A pulk (from Finnish pulkka; Scandinavian for a low-slung sled) is used to carry supplies or transport a child over snow. The addition of a rigid harness system is what differentiates a sled from a pulk. The components of a pulk include the sled, the poles and the harness / hip belt.
A pulk is designed with a harness system to enable towing winter camping gear.
220.127.116.11 Commercial pulks
At the high end are commercially available pulks such as the ones from SkiPulk, Granite Gear, Kirafu, Snowsled, WildernessEngineering or Fjellpulken.
- SkiPulk offers a wide range of SkiPulk accessories and models. You can purchase poles, hip belts and/or harness to accessorize a Paris Expedition sled or complete SnowClipper, Weekender or Expedition pulk system.
- The Granite Gear Expedition sled weighs 17 lbs and has a capacity of 15,000 cubic inches. With a crossed fiberglass stay system, flexible nylon connecting rods, and a zero play full body harness, this sled pulls and turns easily. The lightweight hull offers a low coefficient of friction (drag) over the snow. There is a durable cover with 3 compression straps to secure gear and a full-length zipper for access. The hull has molded-in ski runners and there is a brake prevents sled from sliding backward on slopes. The harness poles are constructed in such a way as to allow for hip rotation.
- Kirafu offers three pulk models: Expedition ($825, 15lbs/18000 cubic inches), Armadillo ($638, 12 lbs/12000 cubic inches and Military sleds (MILSPEC versions).
- Snowsled makes a variety of pulks for short 2 week expeditions to lengthy multi-week trips, adventure racing models and day trip versions.
- WildernessEngineering offers an 11,000 BaseCamp Pulk and a 6 page instruction booklet.
- Fjellpulken from Lillehammer, Norway offers a broad assortment of models for children, disabled, touring and expedition, rescue and dog racing.
- Northern Sled Works offers the Siglin Sled and Siglin Pulk as well as models for towing behind a snowmobile.
Expeditions rely on pulks to transport large amounts of gear.
18.104.22.168 Build your own pulk
If your winter camping budget doesn’t warrant an expedition pulk there are internet resources for making your own pulk. Some that we like are:
- My Cheap Snow Camping Sled by Michael Krabach who starts with a sled model called the HO! by Recreation Inc.
- On ExploreNorth.com Mark Harris has a simple, cheap and quick to build design.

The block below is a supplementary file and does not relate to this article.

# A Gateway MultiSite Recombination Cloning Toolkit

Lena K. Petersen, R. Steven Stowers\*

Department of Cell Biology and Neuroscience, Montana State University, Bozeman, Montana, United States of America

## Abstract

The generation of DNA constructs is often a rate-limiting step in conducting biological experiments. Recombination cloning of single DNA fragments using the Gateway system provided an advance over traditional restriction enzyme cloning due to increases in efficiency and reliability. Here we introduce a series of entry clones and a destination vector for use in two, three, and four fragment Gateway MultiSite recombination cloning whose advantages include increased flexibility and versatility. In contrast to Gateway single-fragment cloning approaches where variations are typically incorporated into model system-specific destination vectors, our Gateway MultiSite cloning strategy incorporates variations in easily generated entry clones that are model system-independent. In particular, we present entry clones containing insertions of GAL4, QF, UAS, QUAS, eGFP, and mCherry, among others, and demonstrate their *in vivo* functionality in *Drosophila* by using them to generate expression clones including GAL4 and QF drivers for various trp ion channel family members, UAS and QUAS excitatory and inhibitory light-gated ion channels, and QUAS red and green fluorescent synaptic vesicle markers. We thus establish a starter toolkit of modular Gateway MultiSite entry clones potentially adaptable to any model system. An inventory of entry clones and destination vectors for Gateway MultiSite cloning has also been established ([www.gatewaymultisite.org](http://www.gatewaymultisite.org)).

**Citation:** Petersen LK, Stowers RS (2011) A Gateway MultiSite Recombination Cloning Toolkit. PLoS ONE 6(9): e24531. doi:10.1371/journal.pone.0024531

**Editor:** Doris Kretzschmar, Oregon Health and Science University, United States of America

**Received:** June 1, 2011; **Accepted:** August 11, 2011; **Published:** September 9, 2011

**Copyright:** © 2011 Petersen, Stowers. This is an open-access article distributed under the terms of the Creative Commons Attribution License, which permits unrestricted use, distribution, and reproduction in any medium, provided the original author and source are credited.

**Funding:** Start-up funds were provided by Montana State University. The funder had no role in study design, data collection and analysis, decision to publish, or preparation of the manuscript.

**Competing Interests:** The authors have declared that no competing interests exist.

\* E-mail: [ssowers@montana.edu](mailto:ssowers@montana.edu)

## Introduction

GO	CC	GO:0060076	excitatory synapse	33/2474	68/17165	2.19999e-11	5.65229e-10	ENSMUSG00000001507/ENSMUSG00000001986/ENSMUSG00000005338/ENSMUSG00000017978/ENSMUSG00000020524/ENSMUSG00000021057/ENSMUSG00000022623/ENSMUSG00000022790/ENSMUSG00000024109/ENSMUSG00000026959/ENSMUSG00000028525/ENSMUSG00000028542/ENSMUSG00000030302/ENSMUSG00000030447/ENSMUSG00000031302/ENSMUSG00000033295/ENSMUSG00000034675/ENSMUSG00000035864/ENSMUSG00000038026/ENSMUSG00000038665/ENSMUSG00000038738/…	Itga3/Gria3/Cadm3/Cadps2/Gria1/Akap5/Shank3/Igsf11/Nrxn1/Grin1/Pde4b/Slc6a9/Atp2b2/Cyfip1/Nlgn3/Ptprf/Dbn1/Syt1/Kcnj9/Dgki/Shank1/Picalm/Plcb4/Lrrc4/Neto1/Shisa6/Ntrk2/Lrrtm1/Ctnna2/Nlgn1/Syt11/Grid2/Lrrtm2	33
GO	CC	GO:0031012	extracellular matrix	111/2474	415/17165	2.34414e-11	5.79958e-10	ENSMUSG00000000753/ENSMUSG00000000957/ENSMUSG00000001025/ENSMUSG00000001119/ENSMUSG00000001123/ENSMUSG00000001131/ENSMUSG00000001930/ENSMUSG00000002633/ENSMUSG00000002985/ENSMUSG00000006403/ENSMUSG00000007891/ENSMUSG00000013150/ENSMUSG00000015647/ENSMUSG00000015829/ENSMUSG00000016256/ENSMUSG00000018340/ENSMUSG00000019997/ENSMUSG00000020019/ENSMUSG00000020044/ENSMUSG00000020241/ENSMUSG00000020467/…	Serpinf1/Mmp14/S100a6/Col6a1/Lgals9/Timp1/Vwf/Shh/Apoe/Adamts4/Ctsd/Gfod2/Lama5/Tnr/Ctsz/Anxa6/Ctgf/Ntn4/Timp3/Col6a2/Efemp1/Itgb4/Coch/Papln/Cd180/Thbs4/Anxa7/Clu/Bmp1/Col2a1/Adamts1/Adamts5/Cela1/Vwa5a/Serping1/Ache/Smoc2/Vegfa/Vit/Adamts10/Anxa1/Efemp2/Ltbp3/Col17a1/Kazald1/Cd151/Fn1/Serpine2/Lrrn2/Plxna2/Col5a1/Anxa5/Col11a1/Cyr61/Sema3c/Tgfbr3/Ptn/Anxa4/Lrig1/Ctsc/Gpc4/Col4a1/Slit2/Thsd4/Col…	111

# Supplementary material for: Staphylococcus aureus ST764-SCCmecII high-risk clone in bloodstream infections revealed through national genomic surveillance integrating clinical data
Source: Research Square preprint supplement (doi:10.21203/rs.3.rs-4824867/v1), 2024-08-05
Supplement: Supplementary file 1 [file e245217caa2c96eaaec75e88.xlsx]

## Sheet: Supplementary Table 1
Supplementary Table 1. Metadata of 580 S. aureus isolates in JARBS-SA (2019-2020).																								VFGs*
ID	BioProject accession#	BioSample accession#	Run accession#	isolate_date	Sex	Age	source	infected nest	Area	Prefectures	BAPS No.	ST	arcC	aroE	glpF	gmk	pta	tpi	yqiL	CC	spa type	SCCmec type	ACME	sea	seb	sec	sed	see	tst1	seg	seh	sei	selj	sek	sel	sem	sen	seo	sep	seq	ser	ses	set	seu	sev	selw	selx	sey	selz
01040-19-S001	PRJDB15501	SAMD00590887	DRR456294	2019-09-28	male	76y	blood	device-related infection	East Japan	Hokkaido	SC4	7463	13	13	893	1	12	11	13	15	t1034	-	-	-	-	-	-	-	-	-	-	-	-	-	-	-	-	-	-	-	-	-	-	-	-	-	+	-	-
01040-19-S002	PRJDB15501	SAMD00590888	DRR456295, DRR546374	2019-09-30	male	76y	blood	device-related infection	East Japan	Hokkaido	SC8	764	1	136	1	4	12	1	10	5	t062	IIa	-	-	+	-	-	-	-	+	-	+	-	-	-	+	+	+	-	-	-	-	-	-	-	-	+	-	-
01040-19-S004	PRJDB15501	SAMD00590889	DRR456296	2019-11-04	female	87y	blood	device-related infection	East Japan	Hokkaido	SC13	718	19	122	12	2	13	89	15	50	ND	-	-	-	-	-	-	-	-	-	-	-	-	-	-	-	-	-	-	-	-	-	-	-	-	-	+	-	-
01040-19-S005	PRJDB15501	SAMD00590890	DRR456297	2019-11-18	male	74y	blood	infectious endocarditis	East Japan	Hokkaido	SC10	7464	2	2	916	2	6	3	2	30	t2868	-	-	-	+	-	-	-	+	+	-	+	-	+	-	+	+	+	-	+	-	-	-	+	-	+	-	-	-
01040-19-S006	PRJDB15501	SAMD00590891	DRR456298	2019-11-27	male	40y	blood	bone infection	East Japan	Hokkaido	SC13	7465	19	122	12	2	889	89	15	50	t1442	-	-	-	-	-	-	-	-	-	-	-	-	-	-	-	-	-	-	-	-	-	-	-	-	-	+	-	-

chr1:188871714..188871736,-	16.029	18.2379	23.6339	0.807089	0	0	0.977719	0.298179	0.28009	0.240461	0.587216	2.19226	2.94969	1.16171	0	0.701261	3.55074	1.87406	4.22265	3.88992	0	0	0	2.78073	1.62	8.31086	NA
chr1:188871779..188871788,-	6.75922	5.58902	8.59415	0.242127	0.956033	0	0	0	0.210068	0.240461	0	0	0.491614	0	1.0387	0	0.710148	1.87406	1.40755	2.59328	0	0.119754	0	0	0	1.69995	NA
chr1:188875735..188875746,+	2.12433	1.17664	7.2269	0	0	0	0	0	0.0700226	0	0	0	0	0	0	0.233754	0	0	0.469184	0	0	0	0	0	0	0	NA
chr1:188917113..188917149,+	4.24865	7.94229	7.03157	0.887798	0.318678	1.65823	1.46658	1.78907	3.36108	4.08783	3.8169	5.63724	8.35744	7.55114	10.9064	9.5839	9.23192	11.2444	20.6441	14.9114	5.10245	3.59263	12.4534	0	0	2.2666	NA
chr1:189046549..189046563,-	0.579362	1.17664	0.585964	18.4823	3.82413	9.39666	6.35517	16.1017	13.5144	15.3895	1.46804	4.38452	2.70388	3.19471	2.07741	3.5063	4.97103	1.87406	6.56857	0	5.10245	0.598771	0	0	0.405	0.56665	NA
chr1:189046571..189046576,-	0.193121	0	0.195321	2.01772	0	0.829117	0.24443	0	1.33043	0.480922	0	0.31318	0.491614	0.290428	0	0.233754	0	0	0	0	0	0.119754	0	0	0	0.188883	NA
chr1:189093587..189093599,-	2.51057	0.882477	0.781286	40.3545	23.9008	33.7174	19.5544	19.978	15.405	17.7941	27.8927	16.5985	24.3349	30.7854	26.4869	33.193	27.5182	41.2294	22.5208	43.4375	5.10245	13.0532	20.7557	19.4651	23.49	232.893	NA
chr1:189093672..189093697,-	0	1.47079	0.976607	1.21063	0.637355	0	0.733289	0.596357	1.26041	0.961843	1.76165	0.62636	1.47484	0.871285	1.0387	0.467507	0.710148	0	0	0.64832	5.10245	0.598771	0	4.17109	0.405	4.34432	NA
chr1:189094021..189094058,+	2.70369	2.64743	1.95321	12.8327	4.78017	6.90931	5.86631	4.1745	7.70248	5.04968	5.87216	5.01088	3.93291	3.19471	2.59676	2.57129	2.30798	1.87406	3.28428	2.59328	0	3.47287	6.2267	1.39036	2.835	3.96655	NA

- Penob Bob gives instructions for modifying a Paris Expedition Sled into a pulk
- PiceaRubens offers modifications to the Penob Bob design.
- Mad River Rocket offers a pulk kit, material list and instructions.
- Visit Skipulk.com and download the Pulkbook. The Pulk Book includes instructions for drilling holes and rigging fiberglass poles to a sled, attaching the poles to a hip belt, tagging on fins for tracking and stabilization, and using it in the wilderness. Pulk poles and hip belts are available for sale through the skipulk website.
Some winter travelers prefer the traditional toboggan design. Toboggans are the traditional sled in North America. Toboggans are especially popular with traditionalists, “hot tenters” and base campers due to the increased capacity for gear.
Toboggans carry large loads and can fit in a set of snowshoe tracks. They are usually quite stable due to their length. They don’t work well in steep terrain or with cross-country skiers. Toboggans can be made from wooden or plastic materials. Wooden toboggans need to be waxed and may crack or snap if hauling a heavy load over a log. If a wooden toboggan is dragged over a rocky trail you can gouge the base or crack the planks.
One tradeoff is the width of the toboggan. The narrower the toboggan the easier it pulls. However, very narrow toboggans are more susceptible to tipping. 16 inches is a typical width with a length of 8 – 12 feet. A wider toboggan is more stable, but harder to pull and it may not fit inside your snowshoe trail.
Typically gear is packed in duffel bags, plastic buckets, plastic bins or milk cartons or lashed to the toboggan using a tarp.
A method for lashing gear using a tarp involves the following steps:
- Lay a large tarp on the toboggan. It should be large enough to turn up on all sides such that the ends cover the load completely. The tarp can be used as a shelter or windbreak after you unpack at camp.
- Distribute the load equally on the toboggan so that it will track properly.
- Make sure the load is packed squarely, that nothing projects beyond the toboggan edges, and that it is not top heavy.
- Once gear is stowed on the toboggan cover it snugly with the ends of the tarp and proceed with the lashing.
- Start the lashing rope at the front of the toboggan, crossing over the top, through the side ropes, back up and over. Repeat down the side of the toboggan. Bring the lashing rope back to the front of the toboggan in the same manner and secure it with a knot.
- After your lashing is completed you can secure additional items such as axes, shovels, poles, and snowshoes to the top of the load. However, to maintain balance it is best to keep these extra items to a minimum.
Try to ensure that you make a neat, secure job of lashing the load. This will ensure that the load does not slip or move while you are on the trail.
When you get to your campsite an over-turned toboggan makes a great platform on which to place your stoves for cooking.
Toboggans are used by traditionalists for moving winter camping gear.